A federal judge has ruled that Sacramento County attorneys improperly excluded two African American jurors “because of the color of their skin” in an upcoming trial in which the plaintiff was black.
U.S. District Judge John A. Mendez made the finding of racial discrimination May 2 in a case where a former inmate is suing Sacramento County, Sheriff Scott Jones and three other sheriff’s employees over psychiatric care and use of force in the downtown jail.
In making his ruling, Mendez dismissed the jury that already had been selected earlier in the week and ordered that a new one be impaneled. The process will begin again May 8.
Jones had been sitting at the defense table with four attorneys for the county when the lawyers made peremptory challenges to the only two African Americans in the jury pool, according to an attorney for the plaintiffs. Peremptory challenges allow lawyers to dismiss potential jurors without offering an explanation.
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“What’s happening here is that Sheriff Jones and the county have used discriminatory animus in their process of selecting a jury, and that simply should never be allowed to happen by a public entity and public officials,” one of the plaintiffs’ attorneys, Dan Stormer, said in an interview Wednesday. “They have a higher duty to the public and their constituencies.”
Stormer is one of the plaintiffs’ lawyers in the case brought by the former inmate, James Joshua Mayfield, and his parents, James Allison Mayfield Jr., and Terri Mayfield. They filed suit after the younger Mayfield tried to commit suicide in the jail four years ago by jumping off his bunk head first. He wound up paralyzed.
Attorneys for the defense team did not return phone calls or emails Wednesday. A spokesman for the sheriff referred questions to the lawyers.
According to the court docket, the defense lawyers who were present for jury selection were Van Longyear, Richard Linkert and Nicole Cahill, who represented Sacramento County as well as Jones and two other Sheriff’s Department defendants, Undersheriff James Lewis and Capt. Rick Pattison. Carl Carnero, the attorney who represented defendant Deputy Ivan Orozco, also was present.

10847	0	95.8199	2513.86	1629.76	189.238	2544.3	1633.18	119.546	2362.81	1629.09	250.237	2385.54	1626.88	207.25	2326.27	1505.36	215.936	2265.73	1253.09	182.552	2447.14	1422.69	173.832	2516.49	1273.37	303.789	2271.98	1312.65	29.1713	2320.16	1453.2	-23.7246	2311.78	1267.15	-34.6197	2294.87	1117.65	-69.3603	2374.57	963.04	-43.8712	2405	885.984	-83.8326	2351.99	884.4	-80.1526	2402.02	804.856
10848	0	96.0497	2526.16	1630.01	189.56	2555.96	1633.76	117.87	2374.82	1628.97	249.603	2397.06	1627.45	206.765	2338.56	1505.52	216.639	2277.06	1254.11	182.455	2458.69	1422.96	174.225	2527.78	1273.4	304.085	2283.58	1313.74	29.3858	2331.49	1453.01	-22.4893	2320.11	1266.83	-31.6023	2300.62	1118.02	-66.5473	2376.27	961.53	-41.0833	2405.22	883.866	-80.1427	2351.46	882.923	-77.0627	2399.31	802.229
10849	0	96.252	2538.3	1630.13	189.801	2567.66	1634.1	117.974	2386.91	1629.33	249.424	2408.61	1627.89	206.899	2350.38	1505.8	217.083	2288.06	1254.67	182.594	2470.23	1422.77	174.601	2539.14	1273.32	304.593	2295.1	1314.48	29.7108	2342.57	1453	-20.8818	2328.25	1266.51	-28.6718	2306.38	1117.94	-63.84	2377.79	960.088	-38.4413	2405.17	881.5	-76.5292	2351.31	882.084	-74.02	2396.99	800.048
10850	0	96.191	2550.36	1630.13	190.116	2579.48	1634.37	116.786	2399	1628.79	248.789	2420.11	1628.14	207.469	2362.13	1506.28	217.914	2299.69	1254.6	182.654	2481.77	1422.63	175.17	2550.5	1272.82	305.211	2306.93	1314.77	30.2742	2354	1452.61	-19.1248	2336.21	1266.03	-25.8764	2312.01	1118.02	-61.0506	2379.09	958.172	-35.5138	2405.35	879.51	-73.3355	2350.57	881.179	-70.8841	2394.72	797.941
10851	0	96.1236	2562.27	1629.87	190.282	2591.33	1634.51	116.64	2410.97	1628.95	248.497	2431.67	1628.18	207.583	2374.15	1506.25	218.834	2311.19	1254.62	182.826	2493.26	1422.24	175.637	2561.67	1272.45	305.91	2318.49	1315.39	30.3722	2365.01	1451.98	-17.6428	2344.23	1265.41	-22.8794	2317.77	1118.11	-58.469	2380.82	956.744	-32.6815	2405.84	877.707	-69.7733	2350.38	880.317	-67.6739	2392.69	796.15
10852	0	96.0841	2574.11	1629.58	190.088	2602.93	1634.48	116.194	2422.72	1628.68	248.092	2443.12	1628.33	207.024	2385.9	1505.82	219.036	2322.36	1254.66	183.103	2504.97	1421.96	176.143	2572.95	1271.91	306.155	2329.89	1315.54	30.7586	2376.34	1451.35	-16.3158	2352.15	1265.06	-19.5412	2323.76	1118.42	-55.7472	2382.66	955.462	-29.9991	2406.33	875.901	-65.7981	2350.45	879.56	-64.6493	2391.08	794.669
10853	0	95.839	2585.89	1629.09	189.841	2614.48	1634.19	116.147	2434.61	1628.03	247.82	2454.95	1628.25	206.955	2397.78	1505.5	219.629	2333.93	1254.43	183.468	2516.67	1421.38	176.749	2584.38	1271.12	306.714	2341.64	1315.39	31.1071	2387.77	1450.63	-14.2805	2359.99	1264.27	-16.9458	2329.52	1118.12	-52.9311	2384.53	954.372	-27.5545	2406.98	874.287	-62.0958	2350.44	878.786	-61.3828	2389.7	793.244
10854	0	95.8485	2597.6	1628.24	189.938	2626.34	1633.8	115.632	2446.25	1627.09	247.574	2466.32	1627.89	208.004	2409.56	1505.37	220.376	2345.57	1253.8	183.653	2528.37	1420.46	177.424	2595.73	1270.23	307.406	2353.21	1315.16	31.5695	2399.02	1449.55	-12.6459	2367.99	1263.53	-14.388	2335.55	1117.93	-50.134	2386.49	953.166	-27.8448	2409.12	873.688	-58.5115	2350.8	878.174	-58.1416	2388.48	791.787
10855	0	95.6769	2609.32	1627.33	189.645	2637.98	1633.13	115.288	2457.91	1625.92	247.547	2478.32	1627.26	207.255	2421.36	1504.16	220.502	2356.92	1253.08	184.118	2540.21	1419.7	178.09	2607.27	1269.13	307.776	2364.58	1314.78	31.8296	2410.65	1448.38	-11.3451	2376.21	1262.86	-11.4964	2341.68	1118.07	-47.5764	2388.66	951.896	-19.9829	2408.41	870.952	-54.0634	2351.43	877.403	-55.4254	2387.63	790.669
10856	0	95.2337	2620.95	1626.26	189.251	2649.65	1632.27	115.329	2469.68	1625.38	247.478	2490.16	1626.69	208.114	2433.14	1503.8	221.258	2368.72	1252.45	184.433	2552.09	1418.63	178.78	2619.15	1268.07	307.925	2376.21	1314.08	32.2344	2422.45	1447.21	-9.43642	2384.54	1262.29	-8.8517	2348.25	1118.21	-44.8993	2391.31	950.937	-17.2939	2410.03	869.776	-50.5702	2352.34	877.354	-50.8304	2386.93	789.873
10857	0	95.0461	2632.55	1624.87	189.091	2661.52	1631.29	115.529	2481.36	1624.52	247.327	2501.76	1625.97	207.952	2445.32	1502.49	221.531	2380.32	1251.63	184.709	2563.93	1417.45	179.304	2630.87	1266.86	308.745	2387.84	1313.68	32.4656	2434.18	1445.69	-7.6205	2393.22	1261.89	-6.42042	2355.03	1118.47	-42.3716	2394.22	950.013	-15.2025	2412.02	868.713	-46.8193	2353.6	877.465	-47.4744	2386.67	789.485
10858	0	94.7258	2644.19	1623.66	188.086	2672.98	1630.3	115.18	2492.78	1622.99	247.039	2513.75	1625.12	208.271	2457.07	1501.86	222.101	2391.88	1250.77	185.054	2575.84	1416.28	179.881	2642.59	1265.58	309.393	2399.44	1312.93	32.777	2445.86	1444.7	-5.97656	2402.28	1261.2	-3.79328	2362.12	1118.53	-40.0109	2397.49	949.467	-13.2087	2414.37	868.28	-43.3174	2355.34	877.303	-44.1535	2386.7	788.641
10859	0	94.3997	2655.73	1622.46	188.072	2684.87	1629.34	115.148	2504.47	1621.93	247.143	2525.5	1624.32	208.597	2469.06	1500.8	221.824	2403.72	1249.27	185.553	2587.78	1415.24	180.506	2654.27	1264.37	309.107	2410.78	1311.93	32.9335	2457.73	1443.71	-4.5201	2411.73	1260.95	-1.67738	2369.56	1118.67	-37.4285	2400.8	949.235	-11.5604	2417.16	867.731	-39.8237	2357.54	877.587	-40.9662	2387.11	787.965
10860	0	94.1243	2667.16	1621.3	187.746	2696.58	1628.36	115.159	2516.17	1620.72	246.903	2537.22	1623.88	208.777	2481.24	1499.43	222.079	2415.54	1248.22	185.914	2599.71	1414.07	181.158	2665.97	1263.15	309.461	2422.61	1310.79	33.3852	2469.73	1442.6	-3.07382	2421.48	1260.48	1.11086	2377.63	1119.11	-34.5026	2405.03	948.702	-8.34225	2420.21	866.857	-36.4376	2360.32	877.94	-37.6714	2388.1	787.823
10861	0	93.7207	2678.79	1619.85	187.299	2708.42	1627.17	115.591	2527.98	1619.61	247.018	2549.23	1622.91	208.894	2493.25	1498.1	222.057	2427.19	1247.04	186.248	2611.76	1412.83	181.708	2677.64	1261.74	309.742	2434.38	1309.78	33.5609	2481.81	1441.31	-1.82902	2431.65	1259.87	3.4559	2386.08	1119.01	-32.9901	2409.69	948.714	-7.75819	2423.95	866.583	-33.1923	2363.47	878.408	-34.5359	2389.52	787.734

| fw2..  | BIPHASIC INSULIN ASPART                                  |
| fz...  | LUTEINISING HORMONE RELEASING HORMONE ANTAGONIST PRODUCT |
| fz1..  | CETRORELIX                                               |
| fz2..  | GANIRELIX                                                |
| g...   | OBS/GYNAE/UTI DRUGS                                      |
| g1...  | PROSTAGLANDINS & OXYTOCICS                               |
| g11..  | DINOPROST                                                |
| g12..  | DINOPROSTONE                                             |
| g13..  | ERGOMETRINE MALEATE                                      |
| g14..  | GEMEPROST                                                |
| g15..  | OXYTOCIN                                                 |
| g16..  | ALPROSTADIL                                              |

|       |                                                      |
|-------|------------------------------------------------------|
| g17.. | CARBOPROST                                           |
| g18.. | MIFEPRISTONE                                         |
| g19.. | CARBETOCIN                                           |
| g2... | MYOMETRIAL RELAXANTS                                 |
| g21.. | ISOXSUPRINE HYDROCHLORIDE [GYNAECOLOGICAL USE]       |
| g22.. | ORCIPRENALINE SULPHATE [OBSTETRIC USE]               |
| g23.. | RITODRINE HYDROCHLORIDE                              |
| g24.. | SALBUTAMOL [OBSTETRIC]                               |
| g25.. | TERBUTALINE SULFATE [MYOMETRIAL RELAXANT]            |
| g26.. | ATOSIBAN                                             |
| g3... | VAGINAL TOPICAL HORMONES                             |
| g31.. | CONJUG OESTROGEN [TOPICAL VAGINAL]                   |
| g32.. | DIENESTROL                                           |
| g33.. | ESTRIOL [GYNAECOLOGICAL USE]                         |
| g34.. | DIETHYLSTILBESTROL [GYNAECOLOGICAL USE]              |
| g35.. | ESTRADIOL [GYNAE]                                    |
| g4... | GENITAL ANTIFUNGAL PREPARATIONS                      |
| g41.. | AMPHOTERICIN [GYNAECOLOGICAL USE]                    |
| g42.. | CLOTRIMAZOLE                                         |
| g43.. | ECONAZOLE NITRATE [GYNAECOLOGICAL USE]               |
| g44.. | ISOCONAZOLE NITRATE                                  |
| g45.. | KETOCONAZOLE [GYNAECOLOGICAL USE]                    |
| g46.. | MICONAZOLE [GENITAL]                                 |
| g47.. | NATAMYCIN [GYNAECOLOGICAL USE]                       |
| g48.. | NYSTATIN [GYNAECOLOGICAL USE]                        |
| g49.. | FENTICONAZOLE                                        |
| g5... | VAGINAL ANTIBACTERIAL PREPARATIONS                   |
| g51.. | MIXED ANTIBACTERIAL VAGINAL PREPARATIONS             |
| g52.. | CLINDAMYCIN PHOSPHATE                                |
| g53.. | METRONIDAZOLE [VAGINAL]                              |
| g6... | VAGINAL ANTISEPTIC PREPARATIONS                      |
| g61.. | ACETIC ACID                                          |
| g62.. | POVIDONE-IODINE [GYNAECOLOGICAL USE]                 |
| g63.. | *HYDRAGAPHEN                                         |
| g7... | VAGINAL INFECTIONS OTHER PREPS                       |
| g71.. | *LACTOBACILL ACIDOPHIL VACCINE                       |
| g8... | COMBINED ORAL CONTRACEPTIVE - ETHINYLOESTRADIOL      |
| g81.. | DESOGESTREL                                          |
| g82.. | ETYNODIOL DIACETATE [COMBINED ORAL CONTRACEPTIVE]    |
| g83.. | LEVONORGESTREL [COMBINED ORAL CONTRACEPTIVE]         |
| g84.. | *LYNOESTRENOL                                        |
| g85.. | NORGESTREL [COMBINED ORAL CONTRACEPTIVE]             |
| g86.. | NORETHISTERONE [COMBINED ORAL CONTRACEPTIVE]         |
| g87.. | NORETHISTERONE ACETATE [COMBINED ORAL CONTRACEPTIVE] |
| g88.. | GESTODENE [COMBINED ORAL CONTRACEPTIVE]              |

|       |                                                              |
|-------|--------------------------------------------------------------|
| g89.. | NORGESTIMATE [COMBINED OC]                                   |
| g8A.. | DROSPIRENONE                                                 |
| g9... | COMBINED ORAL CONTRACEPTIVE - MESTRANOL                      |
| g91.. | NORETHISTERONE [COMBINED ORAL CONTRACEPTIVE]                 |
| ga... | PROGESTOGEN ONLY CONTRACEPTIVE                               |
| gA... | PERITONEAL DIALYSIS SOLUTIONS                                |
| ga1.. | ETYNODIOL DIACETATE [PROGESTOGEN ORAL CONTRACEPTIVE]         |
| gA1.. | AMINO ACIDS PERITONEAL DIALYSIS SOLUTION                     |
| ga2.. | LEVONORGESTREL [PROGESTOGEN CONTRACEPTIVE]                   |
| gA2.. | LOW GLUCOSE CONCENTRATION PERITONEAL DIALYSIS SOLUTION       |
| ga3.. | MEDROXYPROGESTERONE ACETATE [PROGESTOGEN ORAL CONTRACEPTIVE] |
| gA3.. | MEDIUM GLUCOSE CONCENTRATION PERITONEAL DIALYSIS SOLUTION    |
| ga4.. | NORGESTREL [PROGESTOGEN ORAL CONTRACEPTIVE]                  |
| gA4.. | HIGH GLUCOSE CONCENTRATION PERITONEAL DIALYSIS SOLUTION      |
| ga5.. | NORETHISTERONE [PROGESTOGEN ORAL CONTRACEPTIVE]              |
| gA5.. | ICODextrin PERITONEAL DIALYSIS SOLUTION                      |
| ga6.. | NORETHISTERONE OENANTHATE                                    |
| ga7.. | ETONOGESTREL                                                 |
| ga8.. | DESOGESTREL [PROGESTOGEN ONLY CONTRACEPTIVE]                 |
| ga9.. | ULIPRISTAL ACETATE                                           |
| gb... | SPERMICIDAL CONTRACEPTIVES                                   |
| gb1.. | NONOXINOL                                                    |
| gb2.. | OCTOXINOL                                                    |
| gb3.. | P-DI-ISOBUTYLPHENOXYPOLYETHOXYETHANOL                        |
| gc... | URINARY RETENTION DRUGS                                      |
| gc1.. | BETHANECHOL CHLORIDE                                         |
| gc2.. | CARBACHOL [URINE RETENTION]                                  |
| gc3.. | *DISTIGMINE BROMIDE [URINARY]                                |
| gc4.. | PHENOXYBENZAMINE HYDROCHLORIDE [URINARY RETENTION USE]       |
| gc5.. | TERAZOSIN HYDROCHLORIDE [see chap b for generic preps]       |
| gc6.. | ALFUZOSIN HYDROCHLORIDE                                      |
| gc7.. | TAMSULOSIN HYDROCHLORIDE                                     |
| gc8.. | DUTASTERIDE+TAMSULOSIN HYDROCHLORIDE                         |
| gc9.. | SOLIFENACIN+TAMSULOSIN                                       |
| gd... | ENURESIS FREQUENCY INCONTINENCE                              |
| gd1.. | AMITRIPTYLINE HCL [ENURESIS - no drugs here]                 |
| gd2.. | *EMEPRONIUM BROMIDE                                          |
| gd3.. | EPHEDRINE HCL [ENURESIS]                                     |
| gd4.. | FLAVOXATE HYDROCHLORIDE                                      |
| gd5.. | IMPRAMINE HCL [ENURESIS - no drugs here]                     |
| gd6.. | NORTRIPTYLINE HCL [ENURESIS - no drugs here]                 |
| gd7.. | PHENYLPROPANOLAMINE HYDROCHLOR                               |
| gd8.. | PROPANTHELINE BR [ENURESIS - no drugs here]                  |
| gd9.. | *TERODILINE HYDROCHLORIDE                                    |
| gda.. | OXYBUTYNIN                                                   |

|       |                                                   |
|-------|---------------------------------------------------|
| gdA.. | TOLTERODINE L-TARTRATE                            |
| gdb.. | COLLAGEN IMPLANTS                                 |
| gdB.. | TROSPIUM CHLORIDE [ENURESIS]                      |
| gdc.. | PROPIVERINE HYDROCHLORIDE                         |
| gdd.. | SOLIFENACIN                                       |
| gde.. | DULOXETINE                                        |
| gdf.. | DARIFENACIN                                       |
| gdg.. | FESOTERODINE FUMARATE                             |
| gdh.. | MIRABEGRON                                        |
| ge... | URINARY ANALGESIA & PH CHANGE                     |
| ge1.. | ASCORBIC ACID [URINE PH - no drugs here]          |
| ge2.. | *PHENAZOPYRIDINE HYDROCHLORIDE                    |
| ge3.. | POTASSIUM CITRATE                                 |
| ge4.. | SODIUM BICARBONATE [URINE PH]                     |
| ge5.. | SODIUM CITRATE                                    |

Stormer said he verbally lodged his “Batson challenge” – named for the federal case that bars racially based exclusions of prospective jurors – as soon as the defense lawyers had the African Americans removed. In his Tuesday ruling, Judge Mendez rejected the defense lawyers’ arguments that their exclusions were “race-neutral.”
One of the excluded prospective jurors, the defense said, had a friend who committed suicide – a potential prejudicial factor in a case where the plaintiff tried to take his own life – and also had been arrested for driving under the influence, according to the ruling. As for the second African American in the jury pool who was excluded, the defense lawyers said he was “extremely young,” lacked life experience and had “scant education,” Mendez’s ruling said.
In his finding of racial discrimination, Mendez said that the defense lawyers “used two of their five peremptory challenges to strike the only black jurors in a case involving a black plaintiff.” On the suicide issue, the judge noted that defense team did not move to strike three non-black jurors who said under questioning by attorneys on both sides that they had close friends or relatives who had committed suicide.
The defense lawyers argued that they did exercise a challenge on a fourth non-black juror who had a “loved one that committed suicide,” Mendez wrote. But that same juror “admitted he could not be impartial” while one of the African Americans who said he had a good friend who committed suicide told the lawyers that he could be fair, according to the judge.
As for the African American with the “scant education,” Mendez said that he “has some college” in his background while two of the non-black jurors who were not excluded only had high school degrees.
While the relatively young African American did appear to show his age, “Defense counsel did not request that the court ask any follow-up questions during voir dire concerning his actual age or other life experiences,” Mendez wrote.
“Thus, in reviewing the totality of the circumstances surrounding the exercise of peremptory challenges by Defense counsel in this case, the court finds that jurors #4 and #6 were excluded because of the color of their skin rather than their qualifications, or lack thereof, as a juror in this case,” Mendez wrote.
Quoting another case, Mendez wrote: “(R)acial discrimination in the qualification or selection of jurors offends the dignity of persons and the integrity of the Courts. To permit racial exclusion in this official forum compounds the racial insult inherent in judging a citizen by the color of his or her skin.”
In the case that’s going to trial, attorneys for plaintiff James Mayfield, now 22, say that jailers knew he was a suicide risk, that he had repeatedly tried it and that he had threatened to try it again by jumping off his bunk. Jail employees knew Mayfield had been diagnosed with a serious mental illness, the suit said, but did not get his proper mental health care and put him in a cell with “known suicide hazards.”
The suit also alleges that deputies and inmates both physically attacked Mayfield while he was in jail.
The county has denied liability.
Before the trial began, Mayfield and his parents reached a $2.5 million settlement with Jail Psychiatric Services, which is administered by UC Davis Medical Center. The award is still subject to approval by Mendez, according to Stormer. A hearing on the approval is scheduled for June, Stormer said.